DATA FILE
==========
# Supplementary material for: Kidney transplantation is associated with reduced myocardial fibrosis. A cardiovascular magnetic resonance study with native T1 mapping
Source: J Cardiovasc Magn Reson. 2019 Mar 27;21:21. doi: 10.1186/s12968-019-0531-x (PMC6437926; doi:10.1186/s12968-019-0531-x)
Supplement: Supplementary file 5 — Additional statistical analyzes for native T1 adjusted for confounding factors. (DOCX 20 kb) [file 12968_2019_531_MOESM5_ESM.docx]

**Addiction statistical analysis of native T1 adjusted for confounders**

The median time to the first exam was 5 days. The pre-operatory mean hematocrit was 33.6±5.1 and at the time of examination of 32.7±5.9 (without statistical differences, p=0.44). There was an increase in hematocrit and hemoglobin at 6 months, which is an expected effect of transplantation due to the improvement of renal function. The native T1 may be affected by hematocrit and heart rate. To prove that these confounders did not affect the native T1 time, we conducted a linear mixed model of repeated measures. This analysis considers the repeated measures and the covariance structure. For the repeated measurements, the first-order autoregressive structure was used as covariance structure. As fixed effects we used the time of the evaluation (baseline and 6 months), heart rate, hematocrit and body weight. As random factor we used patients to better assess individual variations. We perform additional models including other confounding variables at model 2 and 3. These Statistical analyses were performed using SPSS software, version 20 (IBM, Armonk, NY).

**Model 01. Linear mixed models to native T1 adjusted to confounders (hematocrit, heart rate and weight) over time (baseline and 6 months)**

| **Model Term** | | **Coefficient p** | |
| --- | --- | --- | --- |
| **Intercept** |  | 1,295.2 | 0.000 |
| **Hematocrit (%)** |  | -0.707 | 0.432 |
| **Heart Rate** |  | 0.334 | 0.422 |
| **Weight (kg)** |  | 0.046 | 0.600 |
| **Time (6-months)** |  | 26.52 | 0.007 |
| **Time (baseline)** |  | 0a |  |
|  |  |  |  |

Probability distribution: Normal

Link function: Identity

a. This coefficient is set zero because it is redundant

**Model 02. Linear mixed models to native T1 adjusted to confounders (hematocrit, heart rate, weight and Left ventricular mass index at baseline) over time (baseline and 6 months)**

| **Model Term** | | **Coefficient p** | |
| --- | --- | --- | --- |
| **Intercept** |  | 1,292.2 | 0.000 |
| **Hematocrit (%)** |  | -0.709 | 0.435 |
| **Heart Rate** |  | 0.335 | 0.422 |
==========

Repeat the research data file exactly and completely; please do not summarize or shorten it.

# Supplementary material for: Kidney transplantation is associated with reduced myocardial fibrosis. A cardiovascular magnetic resonance study with native T1 mapping
Source: J Cardiovasc Magn Reson. 2019 Mar 27;21:21. doi: 10.1186/s12968-019-0531-x (PMC6437926; doi:10.1186/s12968-019-0531-x)
Supplement: Supplementary file 5 — Additional statistical analyzes for native T1 adjusted for confounding factors. (DOCX 20 kb) [file 12968_2019_531_MOESM5_ESM.docx]

**Addiction statistical analysis of native T1 adjusted for confounders**

The median time to the first exam was 5 days. The pre-operatory mean hematocrit was 33.6±5.1 and at the time of examination of 32.7±5.9 (without statistical differences, p=0.44). There was an increase in hematocrit and hemoglobin at 6 months, which is an expected effect of transplantation due to the improvement of renal function. The native T1 may be affected by hematocrit and heart rate. To prove that these confounders did not affect the native T1 time, we conducted a linear mixed model of repeated measures. This analysis considers the repeated measures and the covariance structure. For the repeated measurements, the first-order autoregressive structure was used as covariance structure. As fixed effects we used the time of the evaluation (baseline and 6 months), heart rate, hematocrit and body weight. As random factor we used patients to better assess individual variations. We perform additional models including other confounding variables at model 2 and 3. These Statistical analyses were performed using SPSS software, version 20 (IBM, Armonk, NY).

**Model 01. Linear mixed models to native T1 adjusted to confounders (hematocrit, heart rate and weight) over time (baseline and 6 months)**

| **Model Term** | | **Coefficient p** | |
| --- | --- | --- | --- |
| **Intercept** |  | 1,295.2 | 0.000 |
| **Hematocrit (%)** |  | -0.707 | 0.432 |
| **Heart Rate** |  | 0.334 | 0.422 |
| **Weight (kg)** |  | 0.046 | 0.600 |
| **Time (6-months)** |  | 26.52 | 0.007 |
| **Time (baseline)** |  | 0a |  |
|  |  |  |  |

Probability distribution: Normal

Link function: Identity

a. This coefficient is set zero because it is redundant

**Model 02. Linear mixed models to native T1 adjusted to confounders (hematocrit, heart rate, weight and Left ventricular mass index at baseline) over time (baseline and 6 months)**

| **Model Term** | | **Coefficient p** | |
| --- | --- | --- | --- |
| **Intercept** |  | 1,292.2 | 0.000 |
| **Hematocrit (%)** |  | -0.709 | 0.435 |
| **Heart Rate** |  | 0.335 | 0.422 |